For me, it took the Sleeprate to show that daytime stress was the likely culprit of morning drowsiness.
He was principally occupied in struggling against cold, and drowsiness.
He apologised for his drowsiness; but said that he was so sleepy that he must retire.
There were long intervals sometimes when the heat overpowered the child with drowsiness.
"That accounts for his drowsiness," muttered he, between his teeth.
He yawned, stretched himself carefully, and made a determined effort to overcome his drowsiness.
The devil of drowsiness is at his most potent, we find, about 10:30 p. m.
Jim Podmore's drowsiness coming upon him powerfully here, he had as much as he could do to keep himself awake.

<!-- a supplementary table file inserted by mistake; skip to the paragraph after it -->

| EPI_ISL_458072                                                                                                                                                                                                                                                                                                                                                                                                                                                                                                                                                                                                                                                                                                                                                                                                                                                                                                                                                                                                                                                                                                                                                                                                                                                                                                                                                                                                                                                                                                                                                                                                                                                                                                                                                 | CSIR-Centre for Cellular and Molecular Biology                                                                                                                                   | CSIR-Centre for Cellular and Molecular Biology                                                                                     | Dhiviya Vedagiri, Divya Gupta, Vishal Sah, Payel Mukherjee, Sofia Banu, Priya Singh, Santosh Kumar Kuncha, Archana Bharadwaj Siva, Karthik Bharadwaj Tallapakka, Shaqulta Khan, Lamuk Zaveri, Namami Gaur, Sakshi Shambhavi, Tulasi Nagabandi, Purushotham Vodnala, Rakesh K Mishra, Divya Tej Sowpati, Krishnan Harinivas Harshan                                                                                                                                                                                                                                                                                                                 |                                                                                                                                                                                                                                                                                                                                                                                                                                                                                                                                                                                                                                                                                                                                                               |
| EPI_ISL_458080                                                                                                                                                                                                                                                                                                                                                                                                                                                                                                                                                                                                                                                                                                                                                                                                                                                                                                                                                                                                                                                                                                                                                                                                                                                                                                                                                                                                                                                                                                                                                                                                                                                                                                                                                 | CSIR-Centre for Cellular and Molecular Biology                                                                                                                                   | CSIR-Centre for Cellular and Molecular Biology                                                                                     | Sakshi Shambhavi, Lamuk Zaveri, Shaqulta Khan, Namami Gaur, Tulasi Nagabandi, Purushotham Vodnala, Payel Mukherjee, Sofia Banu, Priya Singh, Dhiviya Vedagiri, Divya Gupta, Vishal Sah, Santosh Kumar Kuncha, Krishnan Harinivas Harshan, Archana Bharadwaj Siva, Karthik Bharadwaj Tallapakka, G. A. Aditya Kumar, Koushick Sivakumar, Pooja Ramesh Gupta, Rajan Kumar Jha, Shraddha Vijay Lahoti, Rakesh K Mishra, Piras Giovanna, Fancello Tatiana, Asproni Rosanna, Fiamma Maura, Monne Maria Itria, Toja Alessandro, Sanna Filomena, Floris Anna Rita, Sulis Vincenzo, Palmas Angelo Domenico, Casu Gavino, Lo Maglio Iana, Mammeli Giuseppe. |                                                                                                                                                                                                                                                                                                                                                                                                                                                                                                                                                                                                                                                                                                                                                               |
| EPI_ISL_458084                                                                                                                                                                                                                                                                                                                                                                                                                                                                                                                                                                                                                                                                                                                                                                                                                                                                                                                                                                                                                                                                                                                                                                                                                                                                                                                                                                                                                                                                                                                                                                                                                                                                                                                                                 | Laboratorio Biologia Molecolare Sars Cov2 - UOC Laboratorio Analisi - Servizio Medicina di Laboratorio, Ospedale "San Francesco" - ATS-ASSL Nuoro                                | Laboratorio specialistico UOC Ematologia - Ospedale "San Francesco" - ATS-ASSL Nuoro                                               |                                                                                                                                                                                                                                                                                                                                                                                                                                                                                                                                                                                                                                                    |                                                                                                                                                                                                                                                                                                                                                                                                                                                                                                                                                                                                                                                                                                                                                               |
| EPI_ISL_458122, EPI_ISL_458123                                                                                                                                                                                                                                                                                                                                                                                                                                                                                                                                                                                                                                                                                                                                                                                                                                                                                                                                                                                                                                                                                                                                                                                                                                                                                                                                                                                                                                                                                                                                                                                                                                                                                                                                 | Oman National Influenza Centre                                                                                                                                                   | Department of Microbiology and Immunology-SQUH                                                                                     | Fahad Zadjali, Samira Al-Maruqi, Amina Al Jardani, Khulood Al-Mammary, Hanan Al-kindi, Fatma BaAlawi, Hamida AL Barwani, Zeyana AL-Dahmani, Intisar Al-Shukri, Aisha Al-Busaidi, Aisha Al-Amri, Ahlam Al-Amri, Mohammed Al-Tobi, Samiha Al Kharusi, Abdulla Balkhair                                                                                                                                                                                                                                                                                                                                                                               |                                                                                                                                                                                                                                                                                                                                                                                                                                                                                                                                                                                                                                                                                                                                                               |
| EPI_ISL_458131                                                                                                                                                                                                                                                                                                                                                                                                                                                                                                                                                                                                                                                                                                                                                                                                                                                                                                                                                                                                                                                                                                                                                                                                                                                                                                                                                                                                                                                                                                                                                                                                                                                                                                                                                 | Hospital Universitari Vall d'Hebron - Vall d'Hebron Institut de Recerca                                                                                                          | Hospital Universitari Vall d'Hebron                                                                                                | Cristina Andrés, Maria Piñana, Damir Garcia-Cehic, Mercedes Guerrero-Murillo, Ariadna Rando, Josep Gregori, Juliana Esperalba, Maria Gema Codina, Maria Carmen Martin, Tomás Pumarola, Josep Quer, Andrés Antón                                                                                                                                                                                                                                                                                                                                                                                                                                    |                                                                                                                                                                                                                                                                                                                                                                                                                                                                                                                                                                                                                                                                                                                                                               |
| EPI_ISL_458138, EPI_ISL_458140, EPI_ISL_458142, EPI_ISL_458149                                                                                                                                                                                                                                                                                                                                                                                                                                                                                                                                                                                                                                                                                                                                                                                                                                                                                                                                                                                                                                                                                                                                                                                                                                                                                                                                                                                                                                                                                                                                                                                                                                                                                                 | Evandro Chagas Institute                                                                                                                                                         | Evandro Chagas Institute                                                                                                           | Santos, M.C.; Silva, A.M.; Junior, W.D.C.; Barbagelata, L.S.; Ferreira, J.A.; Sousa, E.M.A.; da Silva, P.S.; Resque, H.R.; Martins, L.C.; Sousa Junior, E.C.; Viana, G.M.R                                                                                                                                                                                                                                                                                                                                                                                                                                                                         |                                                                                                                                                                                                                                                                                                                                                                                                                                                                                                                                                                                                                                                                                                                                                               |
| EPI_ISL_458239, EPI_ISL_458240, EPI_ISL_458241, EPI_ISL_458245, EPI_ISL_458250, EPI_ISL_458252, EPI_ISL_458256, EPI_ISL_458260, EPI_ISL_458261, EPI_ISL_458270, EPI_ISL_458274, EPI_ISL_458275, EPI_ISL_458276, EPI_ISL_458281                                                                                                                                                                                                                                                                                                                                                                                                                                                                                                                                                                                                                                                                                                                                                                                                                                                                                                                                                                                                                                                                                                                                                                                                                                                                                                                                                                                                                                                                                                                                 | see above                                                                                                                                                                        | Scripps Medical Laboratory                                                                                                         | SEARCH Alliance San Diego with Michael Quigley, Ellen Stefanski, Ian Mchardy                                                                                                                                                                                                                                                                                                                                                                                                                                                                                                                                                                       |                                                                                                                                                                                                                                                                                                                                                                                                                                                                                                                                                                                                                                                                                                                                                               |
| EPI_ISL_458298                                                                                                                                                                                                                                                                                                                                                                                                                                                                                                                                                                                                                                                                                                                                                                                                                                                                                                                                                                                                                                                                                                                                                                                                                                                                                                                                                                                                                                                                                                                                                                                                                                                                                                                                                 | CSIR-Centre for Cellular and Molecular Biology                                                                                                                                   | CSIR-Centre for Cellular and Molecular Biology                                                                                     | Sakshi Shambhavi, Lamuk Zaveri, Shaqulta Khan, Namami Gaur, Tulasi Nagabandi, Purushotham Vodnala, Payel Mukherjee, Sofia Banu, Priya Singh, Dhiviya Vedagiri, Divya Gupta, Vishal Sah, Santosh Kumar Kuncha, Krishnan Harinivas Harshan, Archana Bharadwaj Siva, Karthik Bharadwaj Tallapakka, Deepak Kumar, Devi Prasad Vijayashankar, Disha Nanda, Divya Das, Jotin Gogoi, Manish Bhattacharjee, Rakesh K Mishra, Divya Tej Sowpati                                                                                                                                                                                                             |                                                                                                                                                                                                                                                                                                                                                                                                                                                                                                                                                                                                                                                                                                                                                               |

This isn't so bad, he thought, and there was something like surprise through the drowsiness.
She came forward, slightly overcome by drowsiness; but the sight she saw woke her up effectually.
1520s, probably ultimately from Old English drusan, drusian "sink," also "become languid, slow, or inactive" (related to dreosan "to fall"), from Proto-Germanic *drus- (see dreary). But there is no record of it in Middle English. Related: Drowsily; drowsiness.
drowsiness drows·i·ness (drou'zē-nĭs)
A state of impaired awareness associated with a desire or inclination to sleep. Also called hypnesthesia.